Ken Hedberg
Ken Hedberg, a professor in the department of chemistry, moved into his office in the basement of Gilbert Hall in the early 1960s. (Photo by: Justin Quinn – Daily Barometer)

Originally printed in The Daily Barometer, Wednesday, February 5, 2014 (used with permission)

By: Dacotah-Victoria Splichalova

Professor Ken Hedberg makes waves in his field after nearly 30 years in retirement.

He tells everyone to “just call me Ken.”

Professor Ken Hedberg is an Oregon State University alumnus and the longest emeritus faculty researcher to continue researching after retirement for nearly 30 years.

Hedberg was born in Portland on Feb. 2, 1920. His father only completed eighth grade, and his mother didn’t continue her education after high school.

“Both of my parents were incredibly smart,” Hedberg said.

When the Great Depression hit, Hedberg’s father lost his job, which put the family in financial straits.

Hedberg recalls the lights being shut off in his home for periods of time; food rationing became a reality.

This experience left a strong imprint on Hedberg.

“My father said to me in my early teens that with every dollar I made, he would match for my college education,” Hedberg said, “but then how the depression hit us and with my father being out of work for such a long time — I knew that this promise would not come to be.”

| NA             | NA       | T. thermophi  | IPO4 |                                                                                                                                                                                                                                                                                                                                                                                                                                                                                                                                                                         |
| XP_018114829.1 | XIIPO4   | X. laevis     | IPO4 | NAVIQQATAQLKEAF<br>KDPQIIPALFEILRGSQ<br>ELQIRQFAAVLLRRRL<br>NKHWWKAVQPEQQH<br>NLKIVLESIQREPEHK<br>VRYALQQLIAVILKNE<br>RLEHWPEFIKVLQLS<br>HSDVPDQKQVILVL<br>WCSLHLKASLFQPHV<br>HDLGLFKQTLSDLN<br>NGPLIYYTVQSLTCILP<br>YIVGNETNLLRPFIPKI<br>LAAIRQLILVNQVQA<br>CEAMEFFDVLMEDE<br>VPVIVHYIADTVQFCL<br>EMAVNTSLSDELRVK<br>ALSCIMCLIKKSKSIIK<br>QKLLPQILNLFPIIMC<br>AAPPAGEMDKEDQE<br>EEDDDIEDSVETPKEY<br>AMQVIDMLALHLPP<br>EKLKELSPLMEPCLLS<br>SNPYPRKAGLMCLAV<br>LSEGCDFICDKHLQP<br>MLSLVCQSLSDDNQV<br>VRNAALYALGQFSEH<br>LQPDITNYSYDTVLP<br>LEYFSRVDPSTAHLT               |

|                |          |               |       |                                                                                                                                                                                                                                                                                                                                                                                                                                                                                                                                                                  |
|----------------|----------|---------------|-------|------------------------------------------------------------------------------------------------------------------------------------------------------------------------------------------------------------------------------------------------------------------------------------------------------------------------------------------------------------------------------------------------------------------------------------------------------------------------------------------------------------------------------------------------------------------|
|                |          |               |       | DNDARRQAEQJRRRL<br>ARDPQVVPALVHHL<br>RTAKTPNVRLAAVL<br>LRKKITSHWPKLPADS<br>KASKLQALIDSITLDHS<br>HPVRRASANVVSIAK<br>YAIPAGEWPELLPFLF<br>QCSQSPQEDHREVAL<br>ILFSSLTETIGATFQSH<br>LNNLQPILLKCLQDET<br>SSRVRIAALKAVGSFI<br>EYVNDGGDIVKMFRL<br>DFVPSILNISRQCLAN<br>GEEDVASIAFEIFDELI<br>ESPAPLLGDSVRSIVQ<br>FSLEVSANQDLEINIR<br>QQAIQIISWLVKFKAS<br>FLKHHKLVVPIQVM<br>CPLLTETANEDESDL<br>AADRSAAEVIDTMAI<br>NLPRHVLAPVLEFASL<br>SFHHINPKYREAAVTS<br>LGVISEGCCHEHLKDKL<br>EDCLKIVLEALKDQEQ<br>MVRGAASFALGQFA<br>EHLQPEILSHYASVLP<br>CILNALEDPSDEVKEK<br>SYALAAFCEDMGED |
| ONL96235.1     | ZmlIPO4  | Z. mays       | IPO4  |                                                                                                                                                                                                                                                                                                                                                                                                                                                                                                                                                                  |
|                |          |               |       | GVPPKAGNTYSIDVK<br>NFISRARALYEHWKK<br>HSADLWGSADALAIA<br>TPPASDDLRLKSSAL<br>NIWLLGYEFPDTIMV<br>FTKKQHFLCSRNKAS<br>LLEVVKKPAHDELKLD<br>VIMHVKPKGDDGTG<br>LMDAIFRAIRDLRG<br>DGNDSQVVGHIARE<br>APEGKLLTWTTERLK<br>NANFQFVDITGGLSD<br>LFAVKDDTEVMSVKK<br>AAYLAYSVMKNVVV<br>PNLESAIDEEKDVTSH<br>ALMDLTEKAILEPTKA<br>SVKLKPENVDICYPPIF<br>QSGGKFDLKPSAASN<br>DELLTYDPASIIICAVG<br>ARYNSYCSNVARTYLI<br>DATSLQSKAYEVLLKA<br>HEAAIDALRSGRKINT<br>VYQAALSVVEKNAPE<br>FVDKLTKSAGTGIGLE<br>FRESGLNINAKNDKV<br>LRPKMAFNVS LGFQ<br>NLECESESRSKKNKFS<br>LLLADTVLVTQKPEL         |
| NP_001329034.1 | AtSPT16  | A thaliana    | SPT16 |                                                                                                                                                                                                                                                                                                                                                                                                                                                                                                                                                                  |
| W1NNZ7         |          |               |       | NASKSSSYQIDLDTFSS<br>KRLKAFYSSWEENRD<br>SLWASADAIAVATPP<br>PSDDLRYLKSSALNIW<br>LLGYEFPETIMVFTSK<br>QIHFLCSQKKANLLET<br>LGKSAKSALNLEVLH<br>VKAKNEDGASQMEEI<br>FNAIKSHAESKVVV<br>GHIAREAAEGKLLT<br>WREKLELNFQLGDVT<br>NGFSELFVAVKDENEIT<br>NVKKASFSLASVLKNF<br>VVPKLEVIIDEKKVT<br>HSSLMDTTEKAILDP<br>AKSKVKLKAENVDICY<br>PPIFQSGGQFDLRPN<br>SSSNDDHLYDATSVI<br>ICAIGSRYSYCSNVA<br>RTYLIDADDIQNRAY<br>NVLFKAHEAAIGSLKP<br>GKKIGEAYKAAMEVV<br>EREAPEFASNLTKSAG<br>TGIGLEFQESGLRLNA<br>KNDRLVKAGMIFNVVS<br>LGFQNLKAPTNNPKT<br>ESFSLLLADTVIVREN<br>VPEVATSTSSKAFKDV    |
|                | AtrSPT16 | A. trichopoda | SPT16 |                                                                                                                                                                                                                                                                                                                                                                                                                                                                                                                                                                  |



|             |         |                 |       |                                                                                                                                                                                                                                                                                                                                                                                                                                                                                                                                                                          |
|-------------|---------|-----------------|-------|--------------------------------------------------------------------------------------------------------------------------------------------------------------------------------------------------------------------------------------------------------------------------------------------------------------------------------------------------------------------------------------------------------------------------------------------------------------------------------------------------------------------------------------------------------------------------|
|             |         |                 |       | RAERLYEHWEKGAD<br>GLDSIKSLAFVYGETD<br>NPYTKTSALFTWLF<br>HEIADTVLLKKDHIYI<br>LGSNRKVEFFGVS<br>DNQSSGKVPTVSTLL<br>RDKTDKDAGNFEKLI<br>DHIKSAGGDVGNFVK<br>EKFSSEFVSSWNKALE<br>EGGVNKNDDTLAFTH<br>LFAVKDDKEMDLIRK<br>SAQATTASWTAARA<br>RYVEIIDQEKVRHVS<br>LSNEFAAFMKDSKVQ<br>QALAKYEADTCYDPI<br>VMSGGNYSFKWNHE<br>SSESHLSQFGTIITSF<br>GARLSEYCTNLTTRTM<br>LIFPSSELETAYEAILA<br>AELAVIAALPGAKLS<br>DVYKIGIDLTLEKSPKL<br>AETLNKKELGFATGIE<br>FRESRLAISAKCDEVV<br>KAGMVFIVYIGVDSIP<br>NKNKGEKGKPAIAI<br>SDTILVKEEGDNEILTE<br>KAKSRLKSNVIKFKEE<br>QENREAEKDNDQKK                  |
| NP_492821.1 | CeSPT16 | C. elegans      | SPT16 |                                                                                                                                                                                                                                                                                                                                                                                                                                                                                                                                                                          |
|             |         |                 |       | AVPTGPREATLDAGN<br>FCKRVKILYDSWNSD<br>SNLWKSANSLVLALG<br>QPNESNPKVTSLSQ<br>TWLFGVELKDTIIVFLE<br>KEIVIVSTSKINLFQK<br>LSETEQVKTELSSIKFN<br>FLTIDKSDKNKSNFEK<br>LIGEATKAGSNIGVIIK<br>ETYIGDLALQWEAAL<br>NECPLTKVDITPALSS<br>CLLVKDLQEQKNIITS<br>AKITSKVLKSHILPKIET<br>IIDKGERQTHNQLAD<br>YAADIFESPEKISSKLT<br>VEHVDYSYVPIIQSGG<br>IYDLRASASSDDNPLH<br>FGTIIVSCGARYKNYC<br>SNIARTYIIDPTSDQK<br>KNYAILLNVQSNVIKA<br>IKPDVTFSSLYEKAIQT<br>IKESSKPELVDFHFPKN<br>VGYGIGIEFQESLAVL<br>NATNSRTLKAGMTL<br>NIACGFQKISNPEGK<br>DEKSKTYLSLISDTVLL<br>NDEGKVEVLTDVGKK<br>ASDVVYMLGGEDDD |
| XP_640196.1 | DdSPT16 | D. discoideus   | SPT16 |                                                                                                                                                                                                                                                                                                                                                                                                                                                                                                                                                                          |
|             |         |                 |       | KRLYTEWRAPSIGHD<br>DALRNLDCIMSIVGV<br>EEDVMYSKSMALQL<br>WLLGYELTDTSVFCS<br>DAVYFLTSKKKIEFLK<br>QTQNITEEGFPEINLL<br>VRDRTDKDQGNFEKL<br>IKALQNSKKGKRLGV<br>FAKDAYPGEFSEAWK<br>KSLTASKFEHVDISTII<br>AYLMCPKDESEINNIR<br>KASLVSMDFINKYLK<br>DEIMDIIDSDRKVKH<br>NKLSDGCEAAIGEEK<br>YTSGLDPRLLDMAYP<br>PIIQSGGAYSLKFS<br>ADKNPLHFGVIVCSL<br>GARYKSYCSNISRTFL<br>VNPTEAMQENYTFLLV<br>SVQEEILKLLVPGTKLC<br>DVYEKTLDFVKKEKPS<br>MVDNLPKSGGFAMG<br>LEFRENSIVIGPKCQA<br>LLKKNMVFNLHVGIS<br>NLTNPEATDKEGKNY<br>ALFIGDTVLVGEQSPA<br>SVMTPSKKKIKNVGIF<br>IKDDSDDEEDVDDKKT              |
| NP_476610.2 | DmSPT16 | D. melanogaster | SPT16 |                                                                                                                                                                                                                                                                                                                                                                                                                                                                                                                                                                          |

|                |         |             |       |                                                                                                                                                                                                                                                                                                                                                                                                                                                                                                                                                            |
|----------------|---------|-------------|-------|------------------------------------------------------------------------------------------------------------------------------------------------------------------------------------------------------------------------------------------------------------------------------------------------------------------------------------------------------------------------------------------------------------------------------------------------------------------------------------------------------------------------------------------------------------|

Readjusting through a series of moves across the state, Hedberg, his mother and his sister moved to Corvallis with the goal in mind for the Hedberg children to attend OSU, while Hedberg’s father took a job working on the coast.

“I was so impressed by how my mother and my father came together to see what options they had in order to do the best for our family,” Hedberg said.

In order to meet this goal, Hedberg’s mother ran a boarding house within their home.

“It was a lot of work for my mother — the cooking the cleaning,” Hedberg said. “Almost 75 years later, I wouldn’t be seated here nor carrying out my research if my mother didn’t work as hard as she did.”

Graduating OSU in the 1940s, Hedberg attended graduate school at the California Institute of Technology in Pasadena, Calif., where he first met Dr. Linus Pauling, a fellow OSU graduate and head of the department of chemistry at the California Institute of Technology.